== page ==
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Hip resurfacing

Hip resurfacing

Hip resurfacing surgery has been devised as a bone-conserving alternative procedure to total hip replacement to treat severe hip arthritis. It consists of placing a metal cap, made of a hollow cobalt-chromo alloy, over the head of the femur and a matching metal cup in the pelvis socket. Hip replacement strives to restore the functionality of the articulating surface of the hip joint.

One great advantage of hip resurfacing surgery is that very little bone is removed compared to a total hip replacement. Another huge improvement in the procedure is the undisturbed production of the synovial fluid, a thick straw-colored liquid, induced by the hip movement, which flows between the metal bearing surfaces and lubricates them.

It is particularly important to leave the surgical procedure to an experienced surgeon. Hip resurfacing abroad is a popular option nowadays, and patients may find an excellent surgeon overseas with much more accessible prices.

An Alternative For Total Hip Replacement

Some deterring disadvantages of conventional hip replacement, compared to hip resurfacing surgery are:

  • Increased amount of harmful metal ions flowing through the bloodstream.
  • High risk of bone fracture (particularly below the metal cap on top of the thighbone)
  • Excessive bone removal and less bone preservation
  • High chance of hip dislocation

On the other hand, hip resurfacing offers easier surgeries for subsequent revisions. Additionally, many surgeons are in favor of hip resurfacing because it doesn’t replace the ball of the hip completely, therefore, it is a better option for younger people who need more bone available for future hip replacements.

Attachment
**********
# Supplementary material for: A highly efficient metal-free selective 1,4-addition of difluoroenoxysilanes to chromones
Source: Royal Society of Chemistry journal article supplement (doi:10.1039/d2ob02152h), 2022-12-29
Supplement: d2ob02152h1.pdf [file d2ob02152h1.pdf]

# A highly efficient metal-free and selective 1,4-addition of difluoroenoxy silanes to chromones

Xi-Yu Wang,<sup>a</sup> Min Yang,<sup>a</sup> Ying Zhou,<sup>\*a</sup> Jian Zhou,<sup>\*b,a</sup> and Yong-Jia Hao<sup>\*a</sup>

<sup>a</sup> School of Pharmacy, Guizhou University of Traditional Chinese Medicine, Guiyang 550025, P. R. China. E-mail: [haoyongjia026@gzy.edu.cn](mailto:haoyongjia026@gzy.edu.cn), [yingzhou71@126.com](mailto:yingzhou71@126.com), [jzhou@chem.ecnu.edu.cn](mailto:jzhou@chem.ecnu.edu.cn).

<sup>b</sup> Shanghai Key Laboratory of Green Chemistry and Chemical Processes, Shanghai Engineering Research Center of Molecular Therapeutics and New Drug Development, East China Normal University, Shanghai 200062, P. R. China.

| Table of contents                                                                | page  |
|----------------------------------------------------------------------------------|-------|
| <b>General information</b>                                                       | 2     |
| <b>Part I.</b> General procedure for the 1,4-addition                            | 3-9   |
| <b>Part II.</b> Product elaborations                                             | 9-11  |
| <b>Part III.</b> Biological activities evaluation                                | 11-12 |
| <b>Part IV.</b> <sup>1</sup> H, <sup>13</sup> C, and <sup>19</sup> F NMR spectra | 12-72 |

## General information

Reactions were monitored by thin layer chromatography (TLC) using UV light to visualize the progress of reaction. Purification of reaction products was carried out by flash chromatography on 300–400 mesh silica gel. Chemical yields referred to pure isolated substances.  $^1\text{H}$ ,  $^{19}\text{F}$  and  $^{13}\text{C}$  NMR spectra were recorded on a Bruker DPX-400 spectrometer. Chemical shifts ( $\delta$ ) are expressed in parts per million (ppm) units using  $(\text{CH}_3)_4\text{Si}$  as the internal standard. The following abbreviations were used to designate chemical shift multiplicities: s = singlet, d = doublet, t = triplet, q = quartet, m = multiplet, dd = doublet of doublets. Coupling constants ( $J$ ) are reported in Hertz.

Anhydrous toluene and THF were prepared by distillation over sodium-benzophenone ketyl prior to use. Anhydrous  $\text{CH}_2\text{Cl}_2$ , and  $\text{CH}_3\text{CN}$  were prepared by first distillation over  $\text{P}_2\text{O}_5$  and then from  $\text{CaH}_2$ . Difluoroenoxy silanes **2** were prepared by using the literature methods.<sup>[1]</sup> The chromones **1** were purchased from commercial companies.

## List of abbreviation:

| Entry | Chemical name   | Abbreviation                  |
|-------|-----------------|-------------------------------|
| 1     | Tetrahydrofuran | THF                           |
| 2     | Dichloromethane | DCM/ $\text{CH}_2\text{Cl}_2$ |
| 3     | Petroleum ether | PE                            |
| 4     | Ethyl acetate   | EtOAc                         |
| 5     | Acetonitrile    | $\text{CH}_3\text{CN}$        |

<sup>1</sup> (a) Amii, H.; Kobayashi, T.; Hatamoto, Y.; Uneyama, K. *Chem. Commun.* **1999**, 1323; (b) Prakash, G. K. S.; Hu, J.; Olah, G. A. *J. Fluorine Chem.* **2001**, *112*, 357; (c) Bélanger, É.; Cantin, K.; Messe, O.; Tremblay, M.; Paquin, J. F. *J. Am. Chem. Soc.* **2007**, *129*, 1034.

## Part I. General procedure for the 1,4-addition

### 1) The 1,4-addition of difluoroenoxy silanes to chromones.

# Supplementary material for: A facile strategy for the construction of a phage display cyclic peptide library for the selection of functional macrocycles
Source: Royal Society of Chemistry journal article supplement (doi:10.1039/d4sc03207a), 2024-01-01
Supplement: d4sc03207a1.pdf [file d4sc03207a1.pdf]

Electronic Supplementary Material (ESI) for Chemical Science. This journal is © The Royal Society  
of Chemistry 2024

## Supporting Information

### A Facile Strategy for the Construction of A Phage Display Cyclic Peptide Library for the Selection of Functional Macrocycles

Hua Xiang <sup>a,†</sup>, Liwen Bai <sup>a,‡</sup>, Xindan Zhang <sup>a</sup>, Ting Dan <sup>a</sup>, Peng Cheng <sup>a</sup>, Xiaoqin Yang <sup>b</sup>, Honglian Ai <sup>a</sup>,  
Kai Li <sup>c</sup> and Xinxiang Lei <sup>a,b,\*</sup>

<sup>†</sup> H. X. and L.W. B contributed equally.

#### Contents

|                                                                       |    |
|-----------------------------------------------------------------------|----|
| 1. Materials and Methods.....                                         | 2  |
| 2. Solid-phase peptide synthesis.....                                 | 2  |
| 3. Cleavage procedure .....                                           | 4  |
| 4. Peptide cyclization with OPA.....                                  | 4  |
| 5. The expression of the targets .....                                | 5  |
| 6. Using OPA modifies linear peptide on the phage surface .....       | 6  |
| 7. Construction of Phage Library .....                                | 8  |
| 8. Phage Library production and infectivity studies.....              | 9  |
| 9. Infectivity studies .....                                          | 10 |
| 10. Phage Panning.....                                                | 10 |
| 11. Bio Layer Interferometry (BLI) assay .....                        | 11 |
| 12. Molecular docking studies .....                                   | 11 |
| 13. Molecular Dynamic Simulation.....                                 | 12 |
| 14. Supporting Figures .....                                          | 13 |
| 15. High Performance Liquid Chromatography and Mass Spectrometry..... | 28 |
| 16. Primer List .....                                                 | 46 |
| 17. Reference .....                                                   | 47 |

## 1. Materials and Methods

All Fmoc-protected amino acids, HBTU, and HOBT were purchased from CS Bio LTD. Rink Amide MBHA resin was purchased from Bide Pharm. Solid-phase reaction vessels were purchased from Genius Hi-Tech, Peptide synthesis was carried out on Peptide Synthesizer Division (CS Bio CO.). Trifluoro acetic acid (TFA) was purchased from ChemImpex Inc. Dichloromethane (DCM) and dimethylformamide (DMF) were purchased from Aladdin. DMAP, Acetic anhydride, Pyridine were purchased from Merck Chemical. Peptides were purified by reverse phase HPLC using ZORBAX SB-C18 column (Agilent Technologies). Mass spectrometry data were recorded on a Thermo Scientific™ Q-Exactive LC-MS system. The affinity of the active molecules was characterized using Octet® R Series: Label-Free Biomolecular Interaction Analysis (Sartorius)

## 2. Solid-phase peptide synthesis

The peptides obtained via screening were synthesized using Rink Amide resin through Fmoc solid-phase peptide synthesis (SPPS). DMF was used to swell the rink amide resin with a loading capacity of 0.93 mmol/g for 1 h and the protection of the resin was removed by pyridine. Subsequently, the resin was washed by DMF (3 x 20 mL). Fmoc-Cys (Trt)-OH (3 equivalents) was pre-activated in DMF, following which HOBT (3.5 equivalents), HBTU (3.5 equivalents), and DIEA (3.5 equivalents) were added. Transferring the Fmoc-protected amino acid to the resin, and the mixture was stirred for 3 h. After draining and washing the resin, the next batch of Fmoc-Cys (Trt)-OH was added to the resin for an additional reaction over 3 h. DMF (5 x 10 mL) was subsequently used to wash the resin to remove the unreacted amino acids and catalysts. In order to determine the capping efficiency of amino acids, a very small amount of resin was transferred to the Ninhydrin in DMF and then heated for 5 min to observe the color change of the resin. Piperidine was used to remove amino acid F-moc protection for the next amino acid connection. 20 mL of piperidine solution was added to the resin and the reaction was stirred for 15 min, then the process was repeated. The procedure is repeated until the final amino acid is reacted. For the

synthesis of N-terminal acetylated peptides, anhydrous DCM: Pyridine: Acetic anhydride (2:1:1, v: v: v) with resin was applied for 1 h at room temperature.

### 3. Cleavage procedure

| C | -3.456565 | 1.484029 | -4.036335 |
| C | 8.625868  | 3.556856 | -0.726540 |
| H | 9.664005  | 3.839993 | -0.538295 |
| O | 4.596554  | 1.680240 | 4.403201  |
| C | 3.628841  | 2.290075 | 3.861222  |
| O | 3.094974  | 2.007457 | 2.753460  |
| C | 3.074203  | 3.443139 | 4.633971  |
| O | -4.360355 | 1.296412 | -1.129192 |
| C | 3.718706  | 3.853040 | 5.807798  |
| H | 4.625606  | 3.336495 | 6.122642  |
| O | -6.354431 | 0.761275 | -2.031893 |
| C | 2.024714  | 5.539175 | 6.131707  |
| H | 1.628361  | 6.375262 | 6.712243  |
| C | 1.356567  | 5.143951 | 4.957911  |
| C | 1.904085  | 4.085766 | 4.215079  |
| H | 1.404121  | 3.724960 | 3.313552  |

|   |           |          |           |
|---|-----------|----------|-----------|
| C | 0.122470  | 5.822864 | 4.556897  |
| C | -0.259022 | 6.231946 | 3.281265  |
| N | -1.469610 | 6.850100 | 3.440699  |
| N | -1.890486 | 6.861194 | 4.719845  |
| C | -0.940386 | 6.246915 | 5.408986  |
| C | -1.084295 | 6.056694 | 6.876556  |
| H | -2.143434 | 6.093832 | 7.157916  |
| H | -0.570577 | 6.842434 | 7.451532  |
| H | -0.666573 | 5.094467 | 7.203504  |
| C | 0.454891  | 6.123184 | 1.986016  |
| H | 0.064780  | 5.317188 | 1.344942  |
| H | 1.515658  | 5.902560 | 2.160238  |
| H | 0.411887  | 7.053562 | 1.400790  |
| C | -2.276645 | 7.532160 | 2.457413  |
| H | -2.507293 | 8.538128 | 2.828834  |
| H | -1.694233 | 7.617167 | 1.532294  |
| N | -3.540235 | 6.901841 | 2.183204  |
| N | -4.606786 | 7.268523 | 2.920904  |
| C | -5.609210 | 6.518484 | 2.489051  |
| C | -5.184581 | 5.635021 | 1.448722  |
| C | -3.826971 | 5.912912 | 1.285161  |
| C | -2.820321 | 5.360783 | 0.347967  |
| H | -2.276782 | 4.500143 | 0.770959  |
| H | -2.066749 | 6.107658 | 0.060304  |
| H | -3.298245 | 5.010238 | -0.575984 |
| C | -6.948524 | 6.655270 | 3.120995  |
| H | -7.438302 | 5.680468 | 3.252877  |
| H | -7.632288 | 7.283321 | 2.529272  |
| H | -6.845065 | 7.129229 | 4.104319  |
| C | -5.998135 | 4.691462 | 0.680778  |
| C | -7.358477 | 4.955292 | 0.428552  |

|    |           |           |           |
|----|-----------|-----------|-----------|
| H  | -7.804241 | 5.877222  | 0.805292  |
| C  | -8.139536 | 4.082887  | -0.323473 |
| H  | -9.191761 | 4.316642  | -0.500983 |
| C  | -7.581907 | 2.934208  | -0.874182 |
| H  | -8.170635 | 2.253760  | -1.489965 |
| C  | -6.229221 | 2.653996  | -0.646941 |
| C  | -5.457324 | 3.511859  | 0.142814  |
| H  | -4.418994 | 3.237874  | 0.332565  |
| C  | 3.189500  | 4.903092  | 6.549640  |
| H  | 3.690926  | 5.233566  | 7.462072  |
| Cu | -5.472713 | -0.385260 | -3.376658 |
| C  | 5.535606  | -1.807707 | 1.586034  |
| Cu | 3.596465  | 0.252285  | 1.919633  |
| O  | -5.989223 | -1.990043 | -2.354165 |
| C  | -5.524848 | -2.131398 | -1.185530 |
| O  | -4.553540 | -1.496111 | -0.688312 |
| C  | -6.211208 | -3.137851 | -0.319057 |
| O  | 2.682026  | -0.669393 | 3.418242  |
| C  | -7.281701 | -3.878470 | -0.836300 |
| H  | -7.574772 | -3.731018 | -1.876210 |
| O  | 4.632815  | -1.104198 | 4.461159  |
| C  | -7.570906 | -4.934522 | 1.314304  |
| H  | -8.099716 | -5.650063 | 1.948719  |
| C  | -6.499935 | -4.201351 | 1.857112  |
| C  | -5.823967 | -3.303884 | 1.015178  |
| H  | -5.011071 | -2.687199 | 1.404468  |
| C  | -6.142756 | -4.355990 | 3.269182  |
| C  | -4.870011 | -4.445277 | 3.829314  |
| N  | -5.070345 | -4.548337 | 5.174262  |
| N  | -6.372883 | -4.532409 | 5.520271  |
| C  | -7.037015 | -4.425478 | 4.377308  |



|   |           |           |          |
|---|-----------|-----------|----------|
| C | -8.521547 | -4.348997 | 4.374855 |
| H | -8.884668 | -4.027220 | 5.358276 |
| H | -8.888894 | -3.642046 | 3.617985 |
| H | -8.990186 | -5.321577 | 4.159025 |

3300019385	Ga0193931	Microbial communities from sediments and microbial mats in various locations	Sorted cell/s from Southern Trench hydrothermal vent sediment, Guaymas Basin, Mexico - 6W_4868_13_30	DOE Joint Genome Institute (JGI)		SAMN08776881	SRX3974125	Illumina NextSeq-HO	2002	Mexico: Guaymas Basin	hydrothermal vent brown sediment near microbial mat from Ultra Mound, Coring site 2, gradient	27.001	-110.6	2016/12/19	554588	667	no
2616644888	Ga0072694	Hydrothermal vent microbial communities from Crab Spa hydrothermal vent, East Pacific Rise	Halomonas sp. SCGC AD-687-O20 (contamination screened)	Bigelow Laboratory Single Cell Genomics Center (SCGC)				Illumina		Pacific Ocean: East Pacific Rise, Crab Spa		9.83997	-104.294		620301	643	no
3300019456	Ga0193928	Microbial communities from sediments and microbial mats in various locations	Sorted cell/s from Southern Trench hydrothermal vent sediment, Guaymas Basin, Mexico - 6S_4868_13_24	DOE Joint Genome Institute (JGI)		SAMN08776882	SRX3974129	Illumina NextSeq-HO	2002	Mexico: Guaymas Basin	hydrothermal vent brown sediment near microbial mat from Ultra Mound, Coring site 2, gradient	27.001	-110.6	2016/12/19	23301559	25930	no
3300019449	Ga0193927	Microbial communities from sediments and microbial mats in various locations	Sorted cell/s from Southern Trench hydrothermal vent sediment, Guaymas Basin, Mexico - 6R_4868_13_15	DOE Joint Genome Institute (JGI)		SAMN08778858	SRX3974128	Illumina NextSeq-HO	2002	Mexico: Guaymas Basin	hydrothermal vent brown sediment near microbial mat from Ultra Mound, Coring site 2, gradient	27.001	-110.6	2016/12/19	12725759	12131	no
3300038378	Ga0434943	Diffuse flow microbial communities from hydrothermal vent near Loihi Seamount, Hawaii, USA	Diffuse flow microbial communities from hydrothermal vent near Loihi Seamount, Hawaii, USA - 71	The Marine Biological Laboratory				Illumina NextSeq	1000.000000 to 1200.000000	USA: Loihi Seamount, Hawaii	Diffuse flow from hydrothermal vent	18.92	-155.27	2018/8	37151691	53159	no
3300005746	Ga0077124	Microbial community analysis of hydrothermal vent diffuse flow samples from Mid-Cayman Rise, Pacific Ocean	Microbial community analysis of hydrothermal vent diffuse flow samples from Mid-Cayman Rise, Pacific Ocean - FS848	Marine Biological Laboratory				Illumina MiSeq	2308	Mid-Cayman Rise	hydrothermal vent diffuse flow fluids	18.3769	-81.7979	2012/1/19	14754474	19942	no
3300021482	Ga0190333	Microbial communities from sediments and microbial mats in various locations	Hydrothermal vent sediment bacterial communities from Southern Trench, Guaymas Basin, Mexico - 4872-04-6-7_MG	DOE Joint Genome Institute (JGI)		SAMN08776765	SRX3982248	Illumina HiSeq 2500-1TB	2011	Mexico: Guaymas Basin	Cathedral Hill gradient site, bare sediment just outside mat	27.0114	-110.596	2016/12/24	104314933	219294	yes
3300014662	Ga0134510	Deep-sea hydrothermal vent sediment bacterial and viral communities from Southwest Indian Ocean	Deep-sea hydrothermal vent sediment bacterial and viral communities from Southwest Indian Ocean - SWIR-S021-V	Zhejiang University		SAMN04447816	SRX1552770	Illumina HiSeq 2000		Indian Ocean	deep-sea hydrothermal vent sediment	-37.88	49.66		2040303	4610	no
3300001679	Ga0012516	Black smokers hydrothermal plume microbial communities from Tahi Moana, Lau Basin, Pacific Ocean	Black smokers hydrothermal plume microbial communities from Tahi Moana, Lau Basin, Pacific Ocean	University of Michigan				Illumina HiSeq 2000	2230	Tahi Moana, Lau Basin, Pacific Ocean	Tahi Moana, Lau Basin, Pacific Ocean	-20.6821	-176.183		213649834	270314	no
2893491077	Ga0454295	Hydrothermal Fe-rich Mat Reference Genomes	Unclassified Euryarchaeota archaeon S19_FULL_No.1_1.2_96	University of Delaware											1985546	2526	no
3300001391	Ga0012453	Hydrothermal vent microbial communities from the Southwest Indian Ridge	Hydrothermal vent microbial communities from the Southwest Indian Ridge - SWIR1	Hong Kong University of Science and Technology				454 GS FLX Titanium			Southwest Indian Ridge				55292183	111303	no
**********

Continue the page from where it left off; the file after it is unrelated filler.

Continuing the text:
Nevertheless, hip resurfacing surgery is not recommended in instances where severe deformity of the hip offers little options. It also requires relatively young bones that are otherwise in good condition.

Hip Resurfacing – Procedure

Compared to total hip replacement, which requires the “ball” of the femur to be cut, hip resurfacing devices require the top head to be shaped in order to fit the underside of the cap.

Proper positioning of the components is crucial in the procedure, therefore, the importance of selecting a skilled and experienced surgeon cannot be stressed enough.

Patients under 60 are the best candidates for hip resurfacing, due to the necessity for additional revisions. Women are not good candidates because of the higher risk of fracture around the implant due to osteoporosis.

The procedure is performed through an incision similar to that of the standard hip replacement. It is intended to expose the arthritic joint and to remove the remaining cartilage. During the procedure, the metal cap is placed on the ball and a metal socket into the pelvis.

Among the most common complications, we find:

  • Fracture – mostly in poor bone quality patients, women and obese people.
  • Loosening – which happens progressively over time and requires hip replacement revision.
  • Metal ions released by the implants due to normal wear

The recovery period for hip resurfacing surgery is about 12 months.

Hip Resurfacing Abroad

Hip surfacing has seen tremendous advancement in developing countries over the past few years due to the increasing trend of medical tourism. Countries like Tunisia, India and Thailand offer competitive prices for hip replacement arthroplasty, ranging between $5,000 and $10,000, which is a fraction compared to countries like the U.S. and the U.K.

Make sure you request credentials and certificates from the surgeons if you are considering hip resurfacing abroad!